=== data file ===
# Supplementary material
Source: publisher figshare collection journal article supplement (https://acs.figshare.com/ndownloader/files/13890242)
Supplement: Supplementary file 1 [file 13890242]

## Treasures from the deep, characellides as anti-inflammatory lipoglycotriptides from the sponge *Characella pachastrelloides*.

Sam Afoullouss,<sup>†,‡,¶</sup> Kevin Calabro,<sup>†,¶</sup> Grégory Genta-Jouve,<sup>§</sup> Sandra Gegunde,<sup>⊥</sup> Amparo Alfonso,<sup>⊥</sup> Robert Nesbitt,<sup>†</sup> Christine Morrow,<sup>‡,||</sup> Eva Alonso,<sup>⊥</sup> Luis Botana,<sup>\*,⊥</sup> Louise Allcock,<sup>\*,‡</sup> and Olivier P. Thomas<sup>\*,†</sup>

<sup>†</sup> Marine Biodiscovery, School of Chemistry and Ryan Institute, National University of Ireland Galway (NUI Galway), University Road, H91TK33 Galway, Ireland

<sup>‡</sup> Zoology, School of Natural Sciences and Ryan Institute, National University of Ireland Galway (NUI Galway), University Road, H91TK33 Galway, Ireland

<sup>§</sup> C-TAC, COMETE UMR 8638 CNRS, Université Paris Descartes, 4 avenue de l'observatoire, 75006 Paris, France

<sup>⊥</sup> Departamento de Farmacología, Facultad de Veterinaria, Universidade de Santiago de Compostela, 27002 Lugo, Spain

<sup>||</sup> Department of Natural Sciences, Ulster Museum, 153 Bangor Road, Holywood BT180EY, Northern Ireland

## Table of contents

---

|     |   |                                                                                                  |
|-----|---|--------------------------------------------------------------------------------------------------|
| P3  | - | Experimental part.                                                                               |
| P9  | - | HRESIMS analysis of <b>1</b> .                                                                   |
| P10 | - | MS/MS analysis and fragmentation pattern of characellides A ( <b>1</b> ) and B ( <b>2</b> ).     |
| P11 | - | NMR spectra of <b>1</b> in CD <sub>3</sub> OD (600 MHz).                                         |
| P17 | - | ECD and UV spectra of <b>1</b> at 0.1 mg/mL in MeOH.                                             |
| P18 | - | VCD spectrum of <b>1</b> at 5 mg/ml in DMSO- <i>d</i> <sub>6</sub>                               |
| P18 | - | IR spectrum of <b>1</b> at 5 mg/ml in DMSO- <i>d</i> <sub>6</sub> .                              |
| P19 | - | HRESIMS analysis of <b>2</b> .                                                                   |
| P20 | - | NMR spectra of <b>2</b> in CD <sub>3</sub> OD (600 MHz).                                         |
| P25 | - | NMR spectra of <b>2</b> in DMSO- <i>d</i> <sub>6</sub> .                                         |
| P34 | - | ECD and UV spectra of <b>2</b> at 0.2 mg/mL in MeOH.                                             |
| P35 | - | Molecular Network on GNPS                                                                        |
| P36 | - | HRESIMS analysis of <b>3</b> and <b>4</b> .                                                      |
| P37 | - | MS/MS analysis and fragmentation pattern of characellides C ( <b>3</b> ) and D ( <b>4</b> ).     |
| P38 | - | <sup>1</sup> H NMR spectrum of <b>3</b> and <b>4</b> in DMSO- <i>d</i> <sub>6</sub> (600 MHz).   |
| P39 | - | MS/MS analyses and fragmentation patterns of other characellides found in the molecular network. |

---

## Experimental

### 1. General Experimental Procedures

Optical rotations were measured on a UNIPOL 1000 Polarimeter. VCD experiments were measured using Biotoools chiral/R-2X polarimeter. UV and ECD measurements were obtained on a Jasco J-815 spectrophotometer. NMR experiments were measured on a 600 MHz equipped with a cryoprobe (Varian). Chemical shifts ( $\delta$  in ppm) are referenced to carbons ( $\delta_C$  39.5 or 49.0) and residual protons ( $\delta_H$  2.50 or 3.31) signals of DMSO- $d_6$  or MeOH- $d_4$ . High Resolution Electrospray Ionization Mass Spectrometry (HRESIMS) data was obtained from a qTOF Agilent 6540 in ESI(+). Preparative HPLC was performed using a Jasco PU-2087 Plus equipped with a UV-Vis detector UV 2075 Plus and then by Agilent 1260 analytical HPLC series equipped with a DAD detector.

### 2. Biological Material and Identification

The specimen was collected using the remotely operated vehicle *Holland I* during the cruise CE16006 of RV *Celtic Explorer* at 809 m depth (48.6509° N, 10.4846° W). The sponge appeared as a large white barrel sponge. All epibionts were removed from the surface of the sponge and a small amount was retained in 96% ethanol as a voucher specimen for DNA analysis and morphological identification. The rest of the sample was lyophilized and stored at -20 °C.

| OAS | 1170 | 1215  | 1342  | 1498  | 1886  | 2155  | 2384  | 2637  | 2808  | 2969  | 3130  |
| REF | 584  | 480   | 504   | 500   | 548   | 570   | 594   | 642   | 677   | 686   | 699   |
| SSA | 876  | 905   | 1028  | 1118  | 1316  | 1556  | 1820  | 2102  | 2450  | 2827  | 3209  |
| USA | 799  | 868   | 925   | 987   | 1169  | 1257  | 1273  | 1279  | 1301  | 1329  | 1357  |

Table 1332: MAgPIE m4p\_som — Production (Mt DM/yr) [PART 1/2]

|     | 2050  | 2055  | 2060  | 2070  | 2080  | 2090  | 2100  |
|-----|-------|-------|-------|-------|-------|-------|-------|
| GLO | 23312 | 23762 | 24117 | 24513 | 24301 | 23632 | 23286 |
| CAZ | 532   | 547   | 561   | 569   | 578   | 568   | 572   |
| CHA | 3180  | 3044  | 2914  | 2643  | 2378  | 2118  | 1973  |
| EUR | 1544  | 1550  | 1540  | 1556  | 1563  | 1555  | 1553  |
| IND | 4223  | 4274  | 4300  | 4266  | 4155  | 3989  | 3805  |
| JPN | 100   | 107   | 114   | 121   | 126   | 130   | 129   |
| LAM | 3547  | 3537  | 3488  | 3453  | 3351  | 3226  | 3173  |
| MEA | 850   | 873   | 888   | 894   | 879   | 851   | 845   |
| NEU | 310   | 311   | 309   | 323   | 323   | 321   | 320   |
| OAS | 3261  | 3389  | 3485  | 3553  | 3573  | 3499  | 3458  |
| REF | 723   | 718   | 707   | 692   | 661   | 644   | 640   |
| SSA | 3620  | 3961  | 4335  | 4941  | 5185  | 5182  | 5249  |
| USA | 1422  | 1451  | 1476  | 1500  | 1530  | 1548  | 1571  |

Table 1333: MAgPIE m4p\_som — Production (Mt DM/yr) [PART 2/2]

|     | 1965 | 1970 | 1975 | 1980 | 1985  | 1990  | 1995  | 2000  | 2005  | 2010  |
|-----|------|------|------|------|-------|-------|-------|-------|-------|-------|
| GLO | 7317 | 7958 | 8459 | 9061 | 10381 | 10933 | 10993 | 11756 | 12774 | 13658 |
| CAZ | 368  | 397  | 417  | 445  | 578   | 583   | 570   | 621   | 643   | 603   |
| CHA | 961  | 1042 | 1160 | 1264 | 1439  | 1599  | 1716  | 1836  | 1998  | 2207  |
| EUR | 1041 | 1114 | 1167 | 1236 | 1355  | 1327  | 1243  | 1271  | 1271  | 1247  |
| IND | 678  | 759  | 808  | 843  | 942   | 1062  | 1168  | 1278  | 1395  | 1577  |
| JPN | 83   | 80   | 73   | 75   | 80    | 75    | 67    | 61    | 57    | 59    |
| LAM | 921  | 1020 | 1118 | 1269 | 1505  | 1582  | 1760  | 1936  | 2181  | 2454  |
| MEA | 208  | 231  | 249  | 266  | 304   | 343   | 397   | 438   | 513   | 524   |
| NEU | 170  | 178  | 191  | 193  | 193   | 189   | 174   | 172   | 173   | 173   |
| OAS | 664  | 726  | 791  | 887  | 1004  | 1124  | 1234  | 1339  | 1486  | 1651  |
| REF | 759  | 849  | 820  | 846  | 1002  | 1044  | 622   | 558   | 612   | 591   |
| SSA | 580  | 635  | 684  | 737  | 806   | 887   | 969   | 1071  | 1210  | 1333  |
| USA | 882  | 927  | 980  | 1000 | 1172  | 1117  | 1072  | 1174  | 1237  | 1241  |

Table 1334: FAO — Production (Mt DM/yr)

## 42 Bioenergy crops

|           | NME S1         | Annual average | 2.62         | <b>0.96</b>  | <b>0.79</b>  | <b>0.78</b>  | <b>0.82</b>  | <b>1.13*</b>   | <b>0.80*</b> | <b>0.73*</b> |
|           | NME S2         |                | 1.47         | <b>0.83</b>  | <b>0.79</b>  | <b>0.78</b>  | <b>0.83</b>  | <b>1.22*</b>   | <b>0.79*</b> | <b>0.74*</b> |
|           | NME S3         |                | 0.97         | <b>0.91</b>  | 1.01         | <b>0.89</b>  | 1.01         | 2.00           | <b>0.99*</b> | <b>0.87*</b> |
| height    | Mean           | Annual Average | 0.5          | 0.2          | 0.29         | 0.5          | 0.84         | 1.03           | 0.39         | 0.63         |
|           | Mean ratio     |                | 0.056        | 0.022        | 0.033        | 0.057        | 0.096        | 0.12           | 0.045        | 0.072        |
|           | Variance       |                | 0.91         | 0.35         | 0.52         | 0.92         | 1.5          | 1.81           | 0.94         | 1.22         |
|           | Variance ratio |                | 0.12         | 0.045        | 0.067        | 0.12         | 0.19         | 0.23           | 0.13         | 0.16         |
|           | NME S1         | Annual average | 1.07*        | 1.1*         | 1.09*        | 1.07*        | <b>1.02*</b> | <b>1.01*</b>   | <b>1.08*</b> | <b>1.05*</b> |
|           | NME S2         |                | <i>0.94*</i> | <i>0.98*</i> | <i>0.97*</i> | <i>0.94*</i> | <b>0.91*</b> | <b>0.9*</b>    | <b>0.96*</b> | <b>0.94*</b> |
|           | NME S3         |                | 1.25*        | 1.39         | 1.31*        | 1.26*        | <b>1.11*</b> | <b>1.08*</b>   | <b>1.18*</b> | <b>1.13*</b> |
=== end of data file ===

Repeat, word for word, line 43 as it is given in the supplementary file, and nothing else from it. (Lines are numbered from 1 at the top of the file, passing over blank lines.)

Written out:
|-----|-------|-------|-------|-------|-------|-------|-------|